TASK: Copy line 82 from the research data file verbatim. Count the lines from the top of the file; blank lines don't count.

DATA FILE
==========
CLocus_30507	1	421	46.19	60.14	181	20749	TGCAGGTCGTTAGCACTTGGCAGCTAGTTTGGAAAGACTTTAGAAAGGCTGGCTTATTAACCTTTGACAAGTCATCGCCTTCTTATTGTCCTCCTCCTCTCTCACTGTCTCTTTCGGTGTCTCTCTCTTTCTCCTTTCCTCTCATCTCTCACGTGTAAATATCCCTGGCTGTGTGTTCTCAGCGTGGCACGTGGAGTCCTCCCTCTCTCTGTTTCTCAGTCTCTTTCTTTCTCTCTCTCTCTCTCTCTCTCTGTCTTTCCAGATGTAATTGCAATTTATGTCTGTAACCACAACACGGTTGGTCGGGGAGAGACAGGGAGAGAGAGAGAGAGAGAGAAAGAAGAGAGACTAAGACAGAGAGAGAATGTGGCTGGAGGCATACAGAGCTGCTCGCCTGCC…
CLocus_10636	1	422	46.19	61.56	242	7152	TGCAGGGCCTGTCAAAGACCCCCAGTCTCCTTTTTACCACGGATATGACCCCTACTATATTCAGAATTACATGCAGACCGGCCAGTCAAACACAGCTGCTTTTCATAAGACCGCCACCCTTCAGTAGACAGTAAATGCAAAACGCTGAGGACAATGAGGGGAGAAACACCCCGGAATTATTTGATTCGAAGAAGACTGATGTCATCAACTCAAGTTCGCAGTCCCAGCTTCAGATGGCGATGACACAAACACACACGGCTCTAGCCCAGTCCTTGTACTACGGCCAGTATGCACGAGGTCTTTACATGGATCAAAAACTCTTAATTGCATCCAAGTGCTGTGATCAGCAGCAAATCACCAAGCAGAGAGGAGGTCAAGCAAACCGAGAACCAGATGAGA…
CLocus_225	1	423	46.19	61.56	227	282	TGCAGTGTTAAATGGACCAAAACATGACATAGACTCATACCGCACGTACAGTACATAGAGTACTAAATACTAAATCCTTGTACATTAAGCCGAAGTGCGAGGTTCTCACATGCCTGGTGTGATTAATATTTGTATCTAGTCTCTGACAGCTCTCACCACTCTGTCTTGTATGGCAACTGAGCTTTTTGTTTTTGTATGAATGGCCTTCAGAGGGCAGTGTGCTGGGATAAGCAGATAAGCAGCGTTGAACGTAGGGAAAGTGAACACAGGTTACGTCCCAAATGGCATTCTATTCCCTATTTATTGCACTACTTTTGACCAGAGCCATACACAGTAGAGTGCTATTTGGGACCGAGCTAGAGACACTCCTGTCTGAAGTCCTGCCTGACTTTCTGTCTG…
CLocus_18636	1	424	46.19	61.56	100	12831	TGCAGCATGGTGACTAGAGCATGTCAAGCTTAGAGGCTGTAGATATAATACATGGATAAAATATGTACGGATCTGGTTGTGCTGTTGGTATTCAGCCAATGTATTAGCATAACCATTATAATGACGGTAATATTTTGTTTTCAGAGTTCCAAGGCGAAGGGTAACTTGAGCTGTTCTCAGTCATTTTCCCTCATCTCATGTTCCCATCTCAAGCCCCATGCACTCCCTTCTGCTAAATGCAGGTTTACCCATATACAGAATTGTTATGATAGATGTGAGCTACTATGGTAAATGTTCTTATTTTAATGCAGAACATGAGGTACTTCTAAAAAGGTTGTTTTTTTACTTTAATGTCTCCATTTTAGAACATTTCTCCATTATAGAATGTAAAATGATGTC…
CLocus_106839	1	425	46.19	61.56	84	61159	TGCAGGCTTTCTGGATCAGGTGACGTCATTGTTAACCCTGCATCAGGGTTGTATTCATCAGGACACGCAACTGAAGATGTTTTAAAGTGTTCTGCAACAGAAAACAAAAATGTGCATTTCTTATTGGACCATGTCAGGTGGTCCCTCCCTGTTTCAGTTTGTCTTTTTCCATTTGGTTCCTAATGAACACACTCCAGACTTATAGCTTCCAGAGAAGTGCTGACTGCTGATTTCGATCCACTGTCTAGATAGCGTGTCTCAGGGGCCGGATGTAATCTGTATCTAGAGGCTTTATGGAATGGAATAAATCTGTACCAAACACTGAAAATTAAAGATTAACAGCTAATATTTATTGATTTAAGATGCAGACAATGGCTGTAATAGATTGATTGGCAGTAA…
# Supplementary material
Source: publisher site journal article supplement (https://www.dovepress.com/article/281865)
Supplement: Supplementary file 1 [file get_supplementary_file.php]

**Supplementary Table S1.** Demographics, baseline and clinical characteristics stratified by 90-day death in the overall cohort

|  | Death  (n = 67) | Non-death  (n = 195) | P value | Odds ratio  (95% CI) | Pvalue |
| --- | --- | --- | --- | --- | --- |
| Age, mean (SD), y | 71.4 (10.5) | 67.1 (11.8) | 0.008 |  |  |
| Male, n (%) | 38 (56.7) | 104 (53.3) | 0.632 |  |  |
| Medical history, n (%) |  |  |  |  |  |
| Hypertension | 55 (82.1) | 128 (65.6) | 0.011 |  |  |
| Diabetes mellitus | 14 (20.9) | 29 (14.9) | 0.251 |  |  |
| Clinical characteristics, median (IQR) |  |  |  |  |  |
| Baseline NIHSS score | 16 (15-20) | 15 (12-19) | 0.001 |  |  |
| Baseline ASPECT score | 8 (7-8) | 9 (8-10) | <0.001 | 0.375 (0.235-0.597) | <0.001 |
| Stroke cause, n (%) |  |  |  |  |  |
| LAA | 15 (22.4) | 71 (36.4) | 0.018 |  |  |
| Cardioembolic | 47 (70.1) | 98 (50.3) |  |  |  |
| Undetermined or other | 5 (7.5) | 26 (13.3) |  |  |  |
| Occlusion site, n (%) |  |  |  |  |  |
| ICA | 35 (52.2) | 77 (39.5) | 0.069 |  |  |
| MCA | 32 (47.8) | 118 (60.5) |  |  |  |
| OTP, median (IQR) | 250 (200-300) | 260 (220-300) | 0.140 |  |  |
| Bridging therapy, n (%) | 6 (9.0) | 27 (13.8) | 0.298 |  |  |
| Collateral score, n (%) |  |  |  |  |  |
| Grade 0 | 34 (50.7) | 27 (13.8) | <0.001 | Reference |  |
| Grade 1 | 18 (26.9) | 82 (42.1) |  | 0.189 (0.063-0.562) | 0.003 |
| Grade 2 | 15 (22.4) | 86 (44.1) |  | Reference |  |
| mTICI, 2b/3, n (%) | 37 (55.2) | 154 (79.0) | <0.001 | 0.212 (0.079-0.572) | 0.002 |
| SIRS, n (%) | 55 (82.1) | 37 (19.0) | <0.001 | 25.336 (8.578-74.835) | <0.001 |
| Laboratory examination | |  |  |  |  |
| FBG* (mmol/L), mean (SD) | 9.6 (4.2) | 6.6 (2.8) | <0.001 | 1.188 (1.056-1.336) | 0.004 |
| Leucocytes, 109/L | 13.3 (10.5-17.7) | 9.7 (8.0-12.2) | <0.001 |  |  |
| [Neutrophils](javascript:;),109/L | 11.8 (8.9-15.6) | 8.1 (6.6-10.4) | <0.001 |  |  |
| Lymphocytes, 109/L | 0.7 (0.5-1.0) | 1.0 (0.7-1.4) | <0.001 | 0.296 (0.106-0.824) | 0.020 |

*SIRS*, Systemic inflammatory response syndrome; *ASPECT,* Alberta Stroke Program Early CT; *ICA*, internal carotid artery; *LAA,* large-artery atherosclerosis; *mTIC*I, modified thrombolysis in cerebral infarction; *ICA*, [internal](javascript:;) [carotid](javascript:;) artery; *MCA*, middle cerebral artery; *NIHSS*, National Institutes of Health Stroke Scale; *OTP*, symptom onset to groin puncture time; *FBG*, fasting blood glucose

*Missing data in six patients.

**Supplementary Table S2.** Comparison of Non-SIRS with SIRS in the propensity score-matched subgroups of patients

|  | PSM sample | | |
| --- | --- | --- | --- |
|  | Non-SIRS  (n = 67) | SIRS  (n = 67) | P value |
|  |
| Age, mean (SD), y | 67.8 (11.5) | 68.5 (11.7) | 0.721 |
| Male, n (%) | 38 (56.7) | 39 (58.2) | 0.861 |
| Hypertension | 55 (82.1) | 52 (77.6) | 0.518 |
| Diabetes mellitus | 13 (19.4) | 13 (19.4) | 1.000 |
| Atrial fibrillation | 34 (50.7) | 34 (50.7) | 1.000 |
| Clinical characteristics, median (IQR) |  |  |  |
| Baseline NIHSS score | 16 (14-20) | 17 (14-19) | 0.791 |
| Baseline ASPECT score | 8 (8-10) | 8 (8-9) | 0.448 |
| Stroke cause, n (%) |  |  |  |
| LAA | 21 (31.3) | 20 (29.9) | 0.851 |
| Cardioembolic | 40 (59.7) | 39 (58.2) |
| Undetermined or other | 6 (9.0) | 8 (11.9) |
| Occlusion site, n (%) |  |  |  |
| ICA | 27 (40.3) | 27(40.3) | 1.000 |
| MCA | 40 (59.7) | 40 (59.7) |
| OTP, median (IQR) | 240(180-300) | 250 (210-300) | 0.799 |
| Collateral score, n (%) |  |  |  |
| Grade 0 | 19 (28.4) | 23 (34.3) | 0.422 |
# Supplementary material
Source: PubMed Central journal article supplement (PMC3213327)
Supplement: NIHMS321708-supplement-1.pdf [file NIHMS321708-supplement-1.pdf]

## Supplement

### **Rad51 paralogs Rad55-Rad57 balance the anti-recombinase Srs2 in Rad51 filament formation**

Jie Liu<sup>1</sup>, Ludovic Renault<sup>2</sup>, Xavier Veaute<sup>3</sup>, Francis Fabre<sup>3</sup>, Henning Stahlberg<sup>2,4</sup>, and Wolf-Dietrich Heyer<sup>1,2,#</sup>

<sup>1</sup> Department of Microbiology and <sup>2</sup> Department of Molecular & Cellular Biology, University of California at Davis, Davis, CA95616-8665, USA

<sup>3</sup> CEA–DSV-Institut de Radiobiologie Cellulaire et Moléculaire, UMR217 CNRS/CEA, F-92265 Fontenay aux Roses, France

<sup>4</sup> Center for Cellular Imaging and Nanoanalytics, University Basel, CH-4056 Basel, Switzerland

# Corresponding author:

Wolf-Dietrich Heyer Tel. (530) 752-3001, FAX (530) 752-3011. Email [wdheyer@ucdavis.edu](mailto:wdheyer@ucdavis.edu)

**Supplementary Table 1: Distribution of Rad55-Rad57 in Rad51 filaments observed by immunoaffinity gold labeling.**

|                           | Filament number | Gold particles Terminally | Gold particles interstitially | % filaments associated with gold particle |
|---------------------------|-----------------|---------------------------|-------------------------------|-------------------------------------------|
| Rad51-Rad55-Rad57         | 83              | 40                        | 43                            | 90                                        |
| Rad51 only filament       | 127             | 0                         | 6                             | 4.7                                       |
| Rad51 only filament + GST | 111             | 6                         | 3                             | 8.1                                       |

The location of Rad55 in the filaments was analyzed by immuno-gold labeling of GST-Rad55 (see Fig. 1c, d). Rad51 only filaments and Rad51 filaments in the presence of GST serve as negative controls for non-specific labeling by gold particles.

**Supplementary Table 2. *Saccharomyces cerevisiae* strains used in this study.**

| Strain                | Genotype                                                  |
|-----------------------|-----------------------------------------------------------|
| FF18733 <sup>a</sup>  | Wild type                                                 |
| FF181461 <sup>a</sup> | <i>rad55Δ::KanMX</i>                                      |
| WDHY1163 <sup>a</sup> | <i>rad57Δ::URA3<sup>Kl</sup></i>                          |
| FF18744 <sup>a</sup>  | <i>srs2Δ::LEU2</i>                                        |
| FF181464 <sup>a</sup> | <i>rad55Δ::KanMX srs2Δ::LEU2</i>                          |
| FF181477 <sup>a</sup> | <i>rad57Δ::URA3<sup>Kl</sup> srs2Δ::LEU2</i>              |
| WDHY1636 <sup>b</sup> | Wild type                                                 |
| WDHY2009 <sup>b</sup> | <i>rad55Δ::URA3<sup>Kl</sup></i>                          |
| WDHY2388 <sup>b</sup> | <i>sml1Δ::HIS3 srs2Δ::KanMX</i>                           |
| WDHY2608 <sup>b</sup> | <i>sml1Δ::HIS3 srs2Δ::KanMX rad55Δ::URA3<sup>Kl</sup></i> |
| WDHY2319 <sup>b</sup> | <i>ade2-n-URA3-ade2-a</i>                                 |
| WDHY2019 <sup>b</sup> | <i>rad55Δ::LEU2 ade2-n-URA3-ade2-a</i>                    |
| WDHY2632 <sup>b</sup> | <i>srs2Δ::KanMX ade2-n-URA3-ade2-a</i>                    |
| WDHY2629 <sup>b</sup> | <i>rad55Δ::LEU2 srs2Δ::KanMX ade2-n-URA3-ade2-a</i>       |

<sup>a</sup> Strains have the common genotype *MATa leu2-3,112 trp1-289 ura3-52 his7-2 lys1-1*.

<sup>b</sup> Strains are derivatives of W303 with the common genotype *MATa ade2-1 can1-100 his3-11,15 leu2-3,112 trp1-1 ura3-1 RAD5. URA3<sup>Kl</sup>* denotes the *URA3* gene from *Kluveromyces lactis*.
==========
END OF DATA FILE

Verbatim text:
The location of Rad55 in the filaments was analyzed by immuno-gold labeling of GST-Rad55 (see Fig. 1c, d). Rad51 only filaments and Rad51 filaments in the presence of GST serve as negative controls for non-specific labeling by gold particles.